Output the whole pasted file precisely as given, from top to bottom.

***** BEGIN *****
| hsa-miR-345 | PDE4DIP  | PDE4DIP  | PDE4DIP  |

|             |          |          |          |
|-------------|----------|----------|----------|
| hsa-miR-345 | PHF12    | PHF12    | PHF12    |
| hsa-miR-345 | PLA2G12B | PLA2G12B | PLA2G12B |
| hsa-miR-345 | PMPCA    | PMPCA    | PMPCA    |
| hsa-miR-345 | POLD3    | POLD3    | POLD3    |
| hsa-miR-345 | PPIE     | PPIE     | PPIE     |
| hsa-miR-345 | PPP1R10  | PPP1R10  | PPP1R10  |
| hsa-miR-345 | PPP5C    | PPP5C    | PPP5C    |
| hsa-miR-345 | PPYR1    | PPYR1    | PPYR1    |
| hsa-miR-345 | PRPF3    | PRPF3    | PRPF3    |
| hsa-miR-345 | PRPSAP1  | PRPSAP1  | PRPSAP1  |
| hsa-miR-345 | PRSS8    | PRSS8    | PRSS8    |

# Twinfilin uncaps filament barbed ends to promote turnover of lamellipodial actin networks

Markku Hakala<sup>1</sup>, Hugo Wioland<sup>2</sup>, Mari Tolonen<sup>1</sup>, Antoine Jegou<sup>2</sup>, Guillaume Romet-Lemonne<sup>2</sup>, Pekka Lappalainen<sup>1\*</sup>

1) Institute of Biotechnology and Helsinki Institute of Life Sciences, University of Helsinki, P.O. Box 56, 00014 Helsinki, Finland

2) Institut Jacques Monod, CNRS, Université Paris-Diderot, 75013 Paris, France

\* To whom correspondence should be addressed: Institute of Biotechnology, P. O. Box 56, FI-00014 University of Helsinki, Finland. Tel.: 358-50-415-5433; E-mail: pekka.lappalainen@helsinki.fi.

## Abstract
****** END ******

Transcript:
| hsa-miR-345 | PDE4DIP  | PDE4DIP  | PDE4DIP  |

|             |          |          |          |
|-------------|----------|----------|----------|
| hsa-miR-345 | PHF12    | PHF12    | PHF12    |
| hsa-miR-345 | PLA2G12B | PLA2G12B | PLA2G12B |
| hsa-miR-345 | PMPCA    | PMPCA    | PMPCA    |
| hsa-miR-345 | POLD3    | POLD3    | POLD3    |
| hsa-miR-345 | PPIE     | PPIE     | PPIE     |
| hsa-miR-345 | PPP1R10  | PPP1R10  | PPP1R10  |
| hsa-miR-345 | PPP5C    | PPP5C    | PPP5C    |
| hsa-miR-345 | PPYR1    | PPYR1    | PPYR1    |
| hsa-miR-345 | PRPF3    | PRPF3    | PRPF3    |
| hsa-miR-345 | PRPSAP1  | PRPSAP1  | PRPSAP1  |
| hsa-miR-345 | PRSS8    | PRSS8    | PRSS8    |

# Twinfilin uncaps filament barbed ends to promote turnover of lamellipodial actin networks

Markku Hakala<sup>1</sup>, Hugo Wioland<sup>2</sup>, Mari Tolonen<sup>1</sup>, Antoine Jegou<sup>2</sup>, Guillaume Romet-Lemonne<sup>2</sup>, Pekka Lappalainen<sup>1\*</sup>

1) Institute of Biotechnology and Helsinki Institute of Life Sciences, University of Helsinki, P.O. Box 56, 00014 Helsinki, Finland

2) Institut Jacques Monod, CNRS, Université Paris-Diderot, 75013 Paris, France

\* To whom correspondence should be addressed: Institute of Biotechnology, P. O. Box 56, FI-00014 University of Helsinki, Finland. Tel.: 358-50-415-5433; E-mail: pekka.lappalainen@helsinki.fi.

## Abstract